My only saving grace to avoid social exile was my inexplicable way of charming people and getting them to like me, by any means necessary. That became an addiction as well; there is no better drug than the subtle art of social engineering, knowing that you are able to get your way when others cannot. I was always the wingman in our hunting pack at night clubs; I was the scout who would point out targets of opportunity, would lull the ladies into a false sense of security, while the hyenas closed in for the kill.

Unfortunately, I didn’t want prey; I just wanted, and needed, love and acceptance, a sense of connection, unity, to belong. Making friends was not the hard part; it was keeping them that I truly failed at.

(That, as I always say, will be another story for another time)


*insert record scratch here*


Enough backstory, let’s get to the part where I get cut open on an operating table!

The year 2014 was spent in massive preparation for what would become THE defining moment of my life. I underwent extensive physical checkups, had a team of cardiologists, nutritionists, pneumologists, shamans, witch doctors, psychiatrists, psychologists, etc. just prepping me for the road that lay ahead of me.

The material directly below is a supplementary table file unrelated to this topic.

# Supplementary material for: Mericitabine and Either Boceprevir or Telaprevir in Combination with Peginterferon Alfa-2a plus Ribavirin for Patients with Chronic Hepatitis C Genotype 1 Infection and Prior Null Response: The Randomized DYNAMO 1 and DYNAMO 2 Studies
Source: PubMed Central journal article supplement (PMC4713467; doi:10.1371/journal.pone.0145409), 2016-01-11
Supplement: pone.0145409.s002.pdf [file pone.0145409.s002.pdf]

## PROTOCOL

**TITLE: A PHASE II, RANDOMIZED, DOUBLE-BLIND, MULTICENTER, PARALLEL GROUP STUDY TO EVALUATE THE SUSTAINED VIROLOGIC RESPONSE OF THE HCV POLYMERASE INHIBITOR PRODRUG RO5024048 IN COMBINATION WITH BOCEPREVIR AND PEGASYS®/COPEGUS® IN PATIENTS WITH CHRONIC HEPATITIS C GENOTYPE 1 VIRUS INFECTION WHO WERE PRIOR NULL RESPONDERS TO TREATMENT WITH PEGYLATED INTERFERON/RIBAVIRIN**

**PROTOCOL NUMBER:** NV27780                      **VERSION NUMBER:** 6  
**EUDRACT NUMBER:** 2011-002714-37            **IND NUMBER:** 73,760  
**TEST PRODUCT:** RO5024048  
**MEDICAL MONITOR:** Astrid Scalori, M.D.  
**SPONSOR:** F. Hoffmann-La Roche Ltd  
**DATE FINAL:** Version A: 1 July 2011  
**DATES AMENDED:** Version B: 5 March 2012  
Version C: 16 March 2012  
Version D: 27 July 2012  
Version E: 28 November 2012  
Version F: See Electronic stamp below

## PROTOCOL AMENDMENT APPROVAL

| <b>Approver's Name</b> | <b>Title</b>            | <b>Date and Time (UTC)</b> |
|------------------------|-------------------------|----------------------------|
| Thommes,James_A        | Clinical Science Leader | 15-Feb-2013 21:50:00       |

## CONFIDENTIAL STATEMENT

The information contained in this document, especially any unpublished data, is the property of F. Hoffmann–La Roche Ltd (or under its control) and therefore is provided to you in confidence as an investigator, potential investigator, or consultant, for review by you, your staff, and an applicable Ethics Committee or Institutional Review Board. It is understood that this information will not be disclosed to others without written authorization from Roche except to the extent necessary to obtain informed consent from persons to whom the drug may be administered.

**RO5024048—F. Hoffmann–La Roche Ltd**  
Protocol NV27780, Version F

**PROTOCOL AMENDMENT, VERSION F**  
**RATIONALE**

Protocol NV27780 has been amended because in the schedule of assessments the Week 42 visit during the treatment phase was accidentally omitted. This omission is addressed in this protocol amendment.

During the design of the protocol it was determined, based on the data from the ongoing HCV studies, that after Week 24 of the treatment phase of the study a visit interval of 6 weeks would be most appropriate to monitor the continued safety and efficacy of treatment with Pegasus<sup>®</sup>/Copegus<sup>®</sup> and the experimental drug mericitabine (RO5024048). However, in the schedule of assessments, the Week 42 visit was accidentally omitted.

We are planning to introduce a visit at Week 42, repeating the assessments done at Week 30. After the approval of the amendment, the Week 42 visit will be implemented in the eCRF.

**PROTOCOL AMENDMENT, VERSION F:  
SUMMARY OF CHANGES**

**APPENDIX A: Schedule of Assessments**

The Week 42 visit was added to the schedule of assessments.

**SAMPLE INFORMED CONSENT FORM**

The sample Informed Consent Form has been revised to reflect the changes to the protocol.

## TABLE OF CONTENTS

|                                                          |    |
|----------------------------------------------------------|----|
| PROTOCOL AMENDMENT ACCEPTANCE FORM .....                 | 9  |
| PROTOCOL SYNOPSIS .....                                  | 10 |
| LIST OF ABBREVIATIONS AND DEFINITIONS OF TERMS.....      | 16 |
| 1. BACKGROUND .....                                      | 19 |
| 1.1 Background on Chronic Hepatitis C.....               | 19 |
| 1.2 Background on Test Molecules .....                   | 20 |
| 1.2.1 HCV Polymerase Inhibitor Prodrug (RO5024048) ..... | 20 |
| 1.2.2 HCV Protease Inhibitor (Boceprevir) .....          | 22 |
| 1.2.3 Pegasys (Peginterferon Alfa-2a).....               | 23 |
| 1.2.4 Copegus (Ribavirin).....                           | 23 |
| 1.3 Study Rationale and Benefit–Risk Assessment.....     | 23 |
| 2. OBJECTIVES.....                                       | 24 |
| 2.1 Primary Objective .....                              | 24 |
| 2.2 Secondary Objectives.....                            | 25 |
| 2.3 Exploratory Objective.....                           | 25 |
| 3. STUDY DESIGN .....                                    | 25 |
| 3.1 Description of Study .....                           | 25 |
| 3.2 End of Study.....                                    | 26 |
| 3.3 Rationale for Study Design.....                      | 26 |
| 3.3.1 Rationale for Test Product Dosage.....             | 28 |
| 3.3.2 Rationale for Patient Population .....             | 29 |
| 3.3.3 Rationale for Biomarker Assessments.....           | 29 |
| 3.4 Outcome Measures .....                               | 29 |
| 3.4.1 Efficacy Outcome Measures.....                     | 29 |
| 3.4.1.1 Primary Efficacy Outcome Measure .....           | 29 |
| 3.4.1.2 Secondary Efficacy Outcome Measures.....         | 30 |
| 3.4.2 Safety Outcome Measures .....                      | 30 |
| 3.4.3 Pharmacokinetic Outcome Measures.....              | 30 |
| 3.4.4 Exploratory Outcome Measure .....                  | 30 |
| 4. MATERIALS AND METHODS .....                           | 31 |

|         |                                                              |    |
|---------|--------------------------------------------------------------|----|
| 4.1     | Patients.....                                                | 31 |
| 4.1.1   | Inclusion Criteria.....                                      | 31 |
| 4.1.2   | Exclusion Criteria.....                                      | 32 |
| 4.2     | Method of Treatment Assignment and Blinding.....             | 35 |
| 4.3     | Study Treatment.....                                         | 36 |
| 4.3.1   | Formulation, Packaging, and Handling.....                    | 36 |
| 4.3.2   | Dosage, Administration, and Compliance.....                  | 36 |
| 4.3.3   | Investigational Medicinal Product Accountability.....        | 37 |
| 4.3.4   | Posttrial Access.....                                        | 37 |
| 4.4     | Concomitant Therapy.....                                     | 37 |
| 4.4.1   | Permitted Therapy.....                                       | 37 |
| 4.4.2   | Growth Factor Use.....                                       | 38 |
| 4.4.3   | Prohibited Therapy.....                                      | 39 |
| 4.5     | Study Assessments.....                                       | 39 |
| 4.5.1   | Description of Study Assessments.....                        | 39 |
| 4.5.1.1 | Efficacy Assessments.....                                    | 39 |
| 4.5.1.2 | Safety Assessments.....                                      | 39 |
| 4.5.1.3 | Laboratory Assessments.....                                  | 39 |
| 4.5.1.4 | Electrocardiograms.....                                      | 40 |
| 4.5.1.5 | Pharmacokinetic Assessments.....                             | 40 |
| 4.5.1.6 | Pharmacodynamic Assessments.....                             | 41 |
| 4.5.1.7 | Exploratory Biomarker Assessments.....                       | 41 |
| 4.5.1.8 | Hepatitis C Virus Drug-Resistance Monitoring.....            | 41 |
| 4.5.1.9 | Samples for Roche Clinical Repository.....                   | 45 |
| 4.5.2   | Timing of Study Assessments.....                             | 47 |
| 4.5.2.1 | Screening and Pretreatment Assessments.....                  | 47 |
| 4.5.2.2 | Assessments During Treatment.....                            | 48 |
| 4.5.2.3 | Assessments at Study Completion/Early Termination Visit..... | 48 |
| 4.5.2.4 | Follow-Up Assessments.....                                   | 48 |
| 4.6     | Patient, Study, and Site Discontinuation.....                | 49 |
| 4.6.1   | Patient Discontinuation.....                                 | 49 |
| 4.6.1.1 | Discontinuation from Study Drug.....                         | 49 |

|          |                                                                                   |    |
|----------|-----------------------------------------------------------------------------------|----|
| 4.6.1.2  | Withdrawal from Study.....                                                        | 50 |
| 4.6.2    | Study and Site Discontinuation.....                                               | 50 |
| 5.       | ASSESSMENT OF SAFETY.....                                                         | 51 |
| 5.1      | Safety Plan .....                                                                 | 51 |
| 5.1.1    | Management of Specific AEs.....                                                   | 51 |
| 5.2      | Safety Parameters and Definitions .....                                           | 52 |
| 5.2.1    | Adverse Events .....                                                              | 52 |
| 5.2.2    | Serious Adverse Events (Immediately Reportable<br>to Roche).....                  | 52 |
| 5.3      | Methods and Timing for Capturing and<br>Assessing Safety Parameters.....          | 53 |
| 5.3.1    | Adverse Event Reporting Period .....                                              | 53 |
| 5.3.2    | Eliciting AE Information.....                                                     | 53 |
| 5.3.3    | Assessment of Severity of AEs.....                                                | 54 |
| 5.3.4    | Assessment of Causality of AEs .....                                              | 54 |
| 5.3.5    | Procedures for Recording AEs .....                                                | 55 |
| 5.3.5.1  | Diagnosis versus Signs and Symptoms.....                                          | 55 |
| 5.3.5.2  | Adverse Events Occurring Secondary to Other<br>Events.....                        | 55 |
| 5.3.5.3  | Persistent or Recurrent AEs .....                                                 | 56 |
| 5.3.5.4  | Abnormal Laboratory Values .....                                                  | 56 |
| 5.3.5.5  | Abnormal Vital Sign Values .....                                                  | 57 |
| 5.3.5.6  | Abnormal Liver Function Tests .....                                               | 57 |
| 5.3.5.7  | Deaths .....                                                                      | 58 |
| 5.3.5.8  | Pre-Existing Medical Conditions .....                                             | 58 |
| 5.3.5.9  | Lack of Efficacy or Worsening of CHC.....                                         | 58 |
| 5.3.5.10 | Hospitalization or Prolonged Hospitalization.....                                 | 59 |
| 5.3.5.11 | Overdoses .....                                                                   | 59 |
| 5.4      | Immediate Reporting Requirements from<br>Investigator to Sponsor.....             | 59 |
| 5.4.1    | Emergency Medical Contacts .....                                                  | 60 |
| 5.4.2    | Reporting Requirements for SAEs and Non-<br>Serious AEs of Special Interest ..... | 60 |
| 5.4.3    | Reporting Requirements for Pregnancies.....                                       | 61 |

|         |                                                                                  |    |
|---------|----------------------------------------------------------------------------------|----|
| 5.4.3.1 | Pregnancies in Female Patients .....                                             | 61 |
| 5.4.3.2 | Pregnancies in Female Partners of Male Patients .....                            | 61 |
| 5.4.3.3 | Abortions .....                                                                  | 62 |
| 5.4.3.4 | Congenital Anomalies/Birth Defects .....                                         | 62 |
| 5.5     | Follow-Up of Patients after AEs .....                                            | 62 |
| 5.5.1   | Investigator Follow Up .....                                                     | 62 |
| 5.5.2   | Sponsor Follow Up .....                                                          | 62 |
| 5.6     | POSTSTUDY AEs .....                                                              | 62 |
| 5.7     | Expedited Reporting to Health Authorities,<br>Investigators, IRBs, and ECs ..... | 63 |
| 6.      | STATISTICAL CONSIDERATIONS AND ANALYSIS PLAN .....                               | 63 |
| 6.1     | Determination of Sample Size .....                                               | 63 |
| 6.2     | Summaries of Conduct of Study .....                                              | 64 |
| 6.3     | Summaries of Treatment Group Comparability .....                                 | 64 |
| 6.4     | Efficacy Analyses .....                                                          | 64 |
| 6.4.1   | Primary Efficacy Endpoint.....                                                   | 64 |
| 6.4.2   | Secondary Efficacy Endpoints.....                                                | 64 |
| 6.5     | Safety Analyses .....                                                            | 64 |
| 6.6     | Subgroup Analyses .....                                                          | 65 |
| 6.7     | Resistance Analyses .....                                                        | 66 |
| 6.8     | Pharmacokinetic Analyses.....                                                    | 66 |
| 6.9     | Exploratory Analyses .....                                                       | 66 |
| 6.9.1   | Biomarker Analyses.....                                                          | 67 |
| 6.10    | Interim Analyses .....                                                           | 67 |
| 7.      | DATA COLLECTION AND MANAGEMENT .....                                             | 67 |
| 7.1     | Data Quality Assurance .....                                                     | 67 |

I was pumped! I was excited! I was motivated!


All because I expected to die the morning of my surgery.


I had elected to commit suicide by doctor. *

*I had many suicide attempts in the past, unsuccesful of course, just attentionwhoring pityparties, cries for help; for the sake of not triggering anyone or having someone get any ideas, I will not divulge any details. Needless to say, I know I was unsuccessful every time because I had hope that someday, my mind would find peace, magically, through fairy dust, alcohol, and blissful ignorance. Seba, always the dreamer, always the dumbass. 


On the morning of October 11, 2005, I was about to undergo gastric bypass surgery, otherwise known as “let’s staple this dumb shit’s stomach so he’ll be obligated to eat right under the threat of rupturing his insides, and he’ll naturally starve his body so rapidly that all muscle and fatty tissue will be gone, leaving a saggy husk of drooping, scarred skin loosely draped over bones, Ed Gein style”.

I arrived at the hospital; my whole family was there. They had no clue that I had selfishly signed a death warrant.